To be nerdy these days is to be cool. Pop culture’s adoration of nerds is ubiquitous in this era of high-tech gadgets. You can see it everywhere from The Big Bang Theory to The Bachelorette to the Scripps National Spelling Bee, the latter of which is broadcast on ESPN.
Which is why it’s curious that competitions like the International Science and Engineering Fair (ISEF)—whose contestants each year vie for more than $5 million total in prizes, including $75,000 for the top winner—haven’t quite captured the public imagination. That may soon change. A new documentary follows a handful of teens who participated in last year’s ISEF, along with the no-nonsense Long Island, New York, teacher who managed to help nine of her students qualify for the competition.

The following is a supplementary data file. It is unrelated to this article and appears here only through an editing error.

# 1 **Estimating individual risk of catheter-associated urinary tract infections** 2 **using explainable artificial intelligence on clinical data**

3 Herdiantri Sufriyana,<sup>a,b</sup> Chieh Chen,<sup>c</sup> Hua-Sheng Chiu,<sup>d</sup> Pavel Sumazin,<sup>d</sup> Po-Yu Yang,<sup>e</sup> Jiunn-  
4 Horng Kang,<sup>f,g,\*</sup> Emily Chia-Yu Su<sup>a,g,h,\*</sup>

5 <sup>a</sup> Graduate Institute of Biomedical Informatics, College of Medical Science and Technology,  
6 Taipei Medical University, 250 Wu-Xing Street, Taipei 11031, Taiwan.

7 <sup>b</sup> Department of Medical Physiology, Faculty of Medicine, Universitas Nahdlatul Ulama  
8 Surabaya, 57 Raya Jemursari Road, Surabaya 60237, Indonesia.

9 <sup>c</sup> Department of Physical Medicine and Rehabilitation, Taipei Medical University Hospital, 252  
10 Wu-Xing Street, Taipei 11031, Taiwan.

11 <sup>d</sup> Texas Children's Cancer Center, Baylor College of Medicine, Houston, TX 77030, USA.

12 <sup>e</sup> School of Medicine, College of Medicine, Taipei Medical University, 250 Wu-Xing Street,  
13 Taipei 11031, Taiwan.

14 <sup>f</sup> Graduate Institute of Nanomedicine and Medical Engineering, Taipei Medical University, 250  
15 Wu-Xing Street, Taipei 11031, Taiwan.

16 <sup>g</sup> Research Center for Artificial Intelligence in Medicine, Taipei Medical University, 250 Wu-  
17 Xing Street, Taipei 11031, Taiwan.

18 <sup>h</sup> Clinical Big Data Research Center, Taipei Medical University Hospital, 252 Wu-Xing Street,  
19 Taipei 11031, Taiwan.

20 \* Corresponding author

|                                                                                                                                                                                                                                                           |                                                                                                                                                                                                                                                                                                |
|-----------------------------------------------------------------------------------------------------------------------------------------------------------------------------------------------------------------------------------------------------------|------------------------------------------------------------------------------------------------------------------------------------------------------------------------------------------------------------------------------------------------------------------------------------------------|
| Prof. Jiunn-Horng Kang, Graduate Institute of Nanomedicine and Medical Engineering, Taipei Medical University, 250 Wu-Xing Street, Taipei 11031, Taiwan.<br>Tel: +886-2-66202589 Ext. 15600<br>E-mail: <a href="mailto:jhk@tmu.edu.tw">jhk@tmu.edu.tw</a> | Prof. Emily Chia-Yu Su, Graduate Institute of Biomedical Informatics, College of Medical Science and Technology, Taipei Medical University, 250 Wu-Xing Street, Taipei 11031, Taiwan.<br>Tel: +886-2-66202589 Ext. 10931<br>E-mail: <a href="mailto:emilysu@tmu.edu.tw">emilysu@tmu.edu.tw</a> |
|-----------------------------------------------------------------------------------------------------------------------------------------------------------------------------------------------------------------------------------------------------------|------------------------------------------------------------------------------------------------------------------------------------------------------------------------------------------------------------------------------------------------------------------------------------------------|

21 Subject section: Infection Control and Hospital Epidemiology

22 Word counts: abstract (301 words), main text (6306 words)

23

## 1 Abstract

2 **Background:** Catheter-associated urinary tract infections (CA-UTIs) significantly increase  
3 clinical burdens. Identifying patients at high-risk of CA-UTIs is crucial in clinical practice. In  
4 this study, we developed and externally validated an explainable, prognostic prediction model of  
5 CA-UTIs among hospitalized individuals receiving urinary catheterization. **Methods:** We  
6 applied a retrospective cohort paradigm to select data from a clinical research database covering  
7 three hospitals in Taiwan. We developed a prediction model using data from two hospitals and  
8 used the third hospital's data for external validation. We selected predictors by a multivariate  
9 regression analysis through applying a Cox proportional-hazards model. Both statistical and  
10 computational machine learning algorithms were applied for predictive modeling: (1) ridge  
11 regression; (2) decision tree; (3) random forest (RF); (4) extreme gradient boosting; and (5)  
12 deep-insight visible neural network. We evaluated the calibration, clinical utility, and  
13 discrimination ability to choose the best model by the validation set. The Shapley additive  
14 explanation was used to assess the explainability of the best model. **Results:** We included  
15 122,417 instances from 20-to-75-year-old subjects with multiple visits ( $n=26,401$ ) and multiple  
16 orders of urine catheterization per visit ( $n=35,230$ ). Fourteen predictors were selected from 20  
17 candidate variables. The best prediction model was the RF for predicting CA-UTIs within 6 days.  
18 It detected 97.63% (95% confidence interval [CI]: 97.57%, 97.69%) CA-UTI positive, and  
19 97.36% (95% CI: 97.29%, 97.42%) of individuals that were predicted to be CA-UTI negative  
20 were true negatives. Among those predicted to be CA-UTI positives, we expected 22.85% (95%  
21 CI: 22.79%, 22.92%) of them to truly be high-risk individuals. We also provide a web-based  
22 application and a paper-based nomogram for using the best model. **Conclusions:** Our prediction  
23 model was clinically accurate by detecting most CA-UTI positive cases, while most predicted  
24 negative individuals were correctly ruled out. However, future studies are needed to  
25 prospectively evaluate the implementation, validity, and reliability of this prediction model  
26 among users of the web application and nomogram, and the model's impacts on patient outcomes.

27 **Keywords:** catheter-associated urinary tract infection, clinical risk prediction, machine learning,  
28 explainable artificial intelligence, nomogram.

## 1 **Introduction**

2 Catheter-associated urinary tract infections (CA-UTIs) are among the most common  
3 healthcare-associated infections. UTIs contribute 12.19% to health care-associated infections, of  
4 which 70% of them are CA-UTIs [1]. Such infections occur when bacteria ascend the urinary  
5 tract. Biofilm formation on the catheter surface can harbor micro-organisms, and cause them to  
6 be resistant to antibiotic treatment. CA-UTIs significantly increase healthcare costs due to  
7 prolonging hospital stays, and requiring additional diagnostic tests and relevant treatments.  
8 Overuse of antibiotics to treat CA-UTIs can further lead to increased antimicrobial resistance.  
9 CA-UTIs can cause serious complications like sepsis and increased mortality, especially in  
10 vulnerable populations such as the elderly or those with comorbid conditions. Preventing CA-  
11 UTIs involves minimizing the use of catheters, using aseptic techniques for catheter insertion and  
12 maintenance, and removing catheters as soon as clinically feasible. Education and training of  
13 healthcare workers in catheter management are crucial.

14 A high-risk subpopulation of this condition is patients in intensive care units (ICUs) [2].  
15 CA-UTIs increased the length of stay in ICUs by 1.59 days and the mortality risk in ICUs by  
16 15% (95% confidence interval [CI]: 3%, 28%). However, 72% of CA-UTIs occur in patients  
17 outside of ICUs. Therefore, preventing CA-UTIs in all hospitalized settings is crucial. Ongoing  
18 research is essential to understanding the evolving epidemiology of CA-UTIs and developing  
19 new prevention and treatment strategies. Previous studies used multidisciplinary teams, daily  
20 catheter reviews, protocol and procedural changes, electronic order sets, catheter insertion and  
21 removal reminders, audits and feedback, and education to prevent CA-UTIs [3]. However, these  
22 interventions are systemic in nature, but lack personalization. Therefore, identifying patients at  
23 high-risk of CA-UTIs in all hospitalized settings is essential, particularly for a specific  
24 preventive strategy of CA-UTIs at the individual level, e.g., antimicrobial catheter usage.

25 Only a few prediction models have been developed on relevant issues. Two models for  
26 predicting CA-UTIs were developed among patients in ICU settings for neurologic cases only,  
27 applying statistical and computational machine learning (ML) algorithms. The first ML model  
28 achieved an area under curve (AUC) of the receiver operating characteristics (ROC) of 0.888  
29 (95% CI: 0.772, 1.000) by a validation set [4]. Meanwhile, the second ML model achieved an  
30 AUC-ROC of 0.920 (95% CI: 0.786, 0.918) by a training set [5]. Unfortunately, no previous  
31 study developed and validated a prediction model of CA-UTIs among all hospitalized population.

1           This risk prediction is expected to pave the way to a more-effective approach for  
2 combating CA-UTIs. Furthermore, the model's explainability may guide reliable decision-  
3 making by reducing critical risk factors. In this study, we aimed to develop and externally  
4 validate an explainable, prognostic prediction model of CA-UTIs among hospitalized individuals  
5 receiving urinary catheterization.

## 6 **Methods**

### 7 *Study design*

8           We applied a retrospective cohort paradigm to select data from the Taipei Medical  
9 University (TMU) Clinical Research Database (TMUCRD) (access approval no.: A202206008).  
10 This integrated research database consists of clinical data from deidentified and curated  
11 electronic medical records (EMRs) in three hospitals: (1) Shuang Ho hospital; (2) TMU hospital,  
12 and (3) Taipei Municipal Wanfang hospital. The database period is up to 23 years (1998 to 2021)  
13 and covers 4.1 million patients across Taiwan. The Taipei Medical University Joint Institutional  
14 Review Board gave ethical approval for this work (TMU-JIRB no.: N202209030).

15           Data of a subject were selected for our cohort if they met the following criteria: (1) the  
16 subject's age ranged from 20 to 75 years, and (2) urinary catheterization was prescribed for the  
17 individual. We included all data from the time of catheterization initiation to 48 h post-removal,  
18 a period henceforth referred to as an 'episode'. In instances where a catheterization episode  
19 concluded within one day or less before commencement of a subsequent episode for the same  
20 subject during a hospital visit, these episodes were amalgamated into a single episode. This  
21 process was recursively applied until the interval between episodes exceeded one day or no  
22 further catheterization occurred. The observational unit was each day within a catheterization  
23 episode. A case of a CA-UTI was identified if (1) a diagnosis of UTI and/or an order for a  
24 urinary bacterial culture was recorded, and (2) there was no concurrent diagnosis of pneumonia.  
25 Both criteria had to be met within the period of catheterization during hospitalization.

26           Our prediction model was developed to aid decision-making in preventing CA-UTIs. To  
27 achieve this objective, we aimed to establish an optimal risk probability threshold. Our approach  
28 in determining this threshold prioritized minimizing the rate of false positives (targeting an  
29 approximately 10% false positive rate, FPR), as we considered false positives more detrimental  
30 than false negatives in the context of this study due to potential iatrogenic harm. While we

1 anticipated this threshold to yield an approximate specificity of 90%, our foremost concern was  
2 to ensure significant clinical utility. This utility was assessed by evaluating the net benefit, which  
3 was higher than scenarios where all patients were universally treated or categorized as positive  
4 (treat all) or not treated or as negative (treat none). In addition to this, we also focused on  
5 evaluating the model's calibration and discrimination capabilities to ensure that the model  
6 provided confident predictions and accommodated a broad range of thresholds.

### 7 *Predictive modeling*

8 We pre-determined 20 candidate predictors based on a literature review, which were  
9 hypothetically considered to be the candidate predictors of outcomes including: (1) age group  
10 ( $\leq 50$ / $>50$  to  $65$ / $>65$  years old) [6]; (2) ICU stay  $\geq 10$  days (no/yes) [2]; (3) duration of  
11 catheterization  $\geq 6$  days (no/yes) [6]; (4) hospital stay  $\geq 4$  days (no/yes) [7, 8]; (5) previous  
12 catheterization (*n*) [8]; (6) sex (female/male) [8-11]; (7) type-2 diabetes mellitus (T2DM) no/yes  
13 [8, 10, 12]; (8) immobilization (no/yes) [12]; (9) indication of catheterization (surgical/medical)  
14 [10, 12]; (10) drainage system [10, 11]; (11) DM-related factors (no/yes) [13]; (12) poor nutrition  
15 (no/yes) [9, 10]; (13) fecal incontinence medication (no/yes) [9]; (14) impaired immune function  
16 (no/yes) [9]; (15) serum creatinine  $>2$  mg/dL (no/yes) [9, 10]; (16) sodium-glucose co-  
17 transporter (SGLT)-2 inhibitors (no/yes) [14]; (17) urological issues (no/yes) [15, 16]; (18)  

Science Fair, which was released on Friday and will be shown in theaters across the country, offers a peek into the otherwise unfamiliar world of science competitions. The filmmakers, the former investigative journalists Cristina Costantini and Darren Foster, shadowed the students as they built prototypes and presented their tri-fold poster boards to judges with precision and poise. But they also caught the teens in more candid and endearing moments of brilliance and awkward adolescence. In one scene, for example, a girl on the Long Island team mocks her coach’s expression. In another, a trio of boys from Kentucky, whose project consists of an electronic, 3-D-printed stethoscope that helps doctors better detect heart abnormalities, is shown passed out on the airplane en route to ISEF; they had their senior prom the previous night. Then there’s the scene in which Robbie Barrat, an artistic math genius from West Virginia with abysmal grades, shows off his Hawaiian-shirt collection. He started wearing the colorful, printed button-ups to competitions, he explains, “because it’s as casual you can get while still having a collar.”